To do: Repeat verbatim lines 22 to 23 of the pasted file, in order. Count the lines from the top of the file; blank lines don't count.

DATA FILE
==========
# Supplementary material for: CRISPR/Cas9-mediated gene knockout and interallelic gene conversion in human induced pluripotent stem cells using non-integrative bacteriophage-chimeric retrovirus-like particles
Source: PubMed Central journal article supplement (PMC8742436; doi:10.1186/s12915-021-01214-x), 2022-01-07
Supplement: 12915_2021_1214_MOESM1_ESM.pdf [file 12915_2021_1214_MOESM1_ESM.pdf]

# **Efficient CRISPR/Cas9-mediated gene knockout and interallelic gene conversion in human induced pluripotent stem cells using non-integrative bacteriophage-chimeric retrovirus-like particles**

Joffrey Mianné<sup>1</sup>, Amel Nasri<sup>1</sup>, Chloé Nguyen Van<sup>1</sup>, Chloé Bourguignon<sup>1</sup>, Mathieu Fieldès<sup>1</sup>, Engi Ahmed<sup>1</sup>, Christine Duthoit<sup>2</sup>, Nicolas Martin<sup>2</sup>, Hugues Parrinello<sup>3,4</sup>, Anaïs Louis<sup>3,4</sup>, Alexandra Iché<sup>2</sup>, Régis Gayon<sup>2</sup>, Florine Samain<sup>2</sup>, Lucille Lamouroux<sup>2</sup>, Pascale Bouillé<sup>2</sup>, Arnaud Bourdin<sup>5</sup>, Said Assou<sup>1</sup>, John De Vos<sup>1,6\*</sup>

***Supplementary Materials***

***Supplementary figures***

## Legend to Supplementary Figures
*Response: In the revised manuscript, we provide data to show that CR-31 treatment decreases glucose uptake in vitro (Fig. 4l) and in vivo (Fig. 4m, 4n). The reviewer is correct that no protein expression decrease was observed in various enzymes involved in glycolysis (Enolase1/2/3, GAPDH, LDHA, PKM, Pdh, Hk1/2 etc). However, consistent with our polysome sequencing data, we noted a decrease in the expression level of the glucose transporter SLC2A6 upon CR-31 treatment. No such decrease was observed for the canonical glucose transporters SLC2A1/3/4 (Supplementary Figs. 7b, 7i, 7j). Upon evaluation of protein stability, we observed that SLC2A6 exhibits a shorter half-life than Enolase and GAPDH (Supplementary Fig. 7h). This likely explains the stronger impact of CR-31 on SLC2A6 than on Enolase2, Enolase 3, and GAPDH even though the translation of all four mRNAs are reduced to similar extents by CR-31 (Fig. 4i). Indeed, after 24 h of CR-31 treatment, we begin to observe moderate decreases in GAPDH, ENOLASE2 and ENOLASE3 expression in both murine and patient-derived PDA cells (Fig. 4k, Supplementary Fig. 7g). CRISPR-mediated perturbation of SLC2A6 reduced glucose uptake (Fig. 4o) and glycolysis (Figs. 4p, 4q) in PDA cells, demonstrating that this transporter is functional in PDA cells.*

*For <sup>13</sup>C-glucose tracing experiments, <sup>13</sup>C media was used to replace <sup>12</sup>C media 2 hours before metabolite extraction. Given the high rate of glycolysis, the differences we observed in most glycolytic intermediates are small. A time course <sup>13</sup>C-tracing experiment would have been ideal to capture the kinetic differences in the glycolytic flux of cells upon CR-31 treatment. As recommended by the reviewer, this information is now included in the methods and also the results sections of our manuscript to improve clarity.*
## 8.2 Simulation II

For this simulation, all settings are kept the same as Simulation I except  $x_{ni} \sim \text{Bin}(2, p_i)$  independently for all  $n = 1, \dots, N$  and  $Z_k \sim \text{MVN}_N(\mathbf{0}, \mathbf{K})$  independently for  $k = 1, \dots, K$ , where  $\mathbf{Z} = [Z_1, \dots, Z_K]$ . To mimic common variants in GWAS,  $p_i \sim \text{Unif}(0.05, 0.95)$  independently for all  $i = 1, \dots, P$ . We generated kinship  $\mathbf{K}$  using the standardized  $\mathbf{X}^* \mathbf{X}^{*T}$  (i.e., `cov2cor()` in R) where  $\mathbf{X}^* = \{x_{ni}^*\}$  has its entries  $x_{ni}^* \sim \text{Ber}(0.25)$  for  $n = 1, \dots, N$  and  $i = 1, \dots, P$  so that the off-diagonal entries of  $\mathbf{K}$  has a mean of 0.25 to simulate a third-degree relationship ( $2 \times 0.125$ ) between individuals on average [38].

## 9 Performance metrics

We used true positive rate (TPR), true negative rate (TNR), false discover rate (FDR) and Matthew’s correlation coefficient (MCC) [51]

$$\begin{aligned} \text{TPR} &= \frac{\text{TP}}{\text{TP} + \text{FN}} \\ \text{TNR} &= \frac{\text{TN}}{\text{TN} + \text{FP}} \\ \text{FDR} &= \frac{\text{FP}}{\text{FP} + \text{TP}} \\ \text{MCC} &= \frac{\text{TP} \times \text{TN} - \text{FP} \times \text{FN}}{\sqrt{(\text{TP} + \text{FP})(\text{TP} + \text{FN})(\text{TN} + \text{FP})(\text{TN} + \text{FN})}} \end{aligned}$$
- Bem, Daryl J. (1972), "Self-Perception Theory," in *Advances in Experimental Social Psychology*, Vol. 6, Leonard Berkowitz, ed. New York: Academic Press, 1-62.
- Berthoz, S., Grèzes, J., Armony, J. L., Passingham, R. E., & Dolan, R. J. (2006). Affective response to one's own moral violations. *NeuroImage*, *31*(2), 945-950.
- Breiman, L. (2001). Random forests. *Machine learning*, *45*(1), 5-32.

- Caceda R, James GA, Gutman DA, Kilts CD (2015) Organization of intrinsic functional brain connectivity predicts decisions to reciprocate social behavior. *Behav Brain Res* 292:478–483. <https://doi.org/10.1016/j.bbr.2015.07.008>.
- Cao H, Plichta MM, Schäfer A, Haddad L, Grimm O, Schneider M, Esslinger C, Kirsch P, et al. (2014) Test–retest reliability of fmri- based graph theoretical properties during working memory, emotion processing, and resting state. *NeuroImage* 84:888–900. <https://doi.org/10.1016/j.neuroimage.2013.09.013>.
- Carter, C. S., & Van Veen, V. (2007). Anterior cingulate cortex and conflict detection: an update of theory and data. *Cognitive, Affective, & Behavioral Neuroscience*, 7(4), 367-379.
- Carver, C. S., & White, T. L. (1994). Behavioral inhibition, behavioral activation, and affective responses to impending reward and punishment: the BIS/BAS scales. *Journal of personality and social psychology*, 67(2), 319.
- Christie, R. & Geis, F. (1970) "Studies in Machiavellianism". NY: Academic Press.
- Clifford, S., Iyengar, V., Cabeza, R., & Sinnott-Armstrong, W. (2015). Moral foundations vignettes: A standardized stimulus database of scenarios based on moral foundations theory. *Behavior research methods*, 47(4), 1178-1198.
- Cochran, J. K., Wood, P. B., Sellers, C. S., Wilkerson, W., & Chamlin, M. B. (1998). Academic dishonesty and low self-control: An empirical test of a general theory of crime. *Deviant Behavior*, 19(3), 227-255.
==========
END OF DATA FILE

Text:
- Carver, C. S., & White, T. L. (1994). Behavioral inhibition, behavioral activation, and affective responses to impending reward and punishment: the BIS/BAS scales. *Journal of personality and social psychology*, 67(2), 319.
- Christie, R. & Geis, F. (1970) "Studies in Machiavellianism". NY: Academic Press.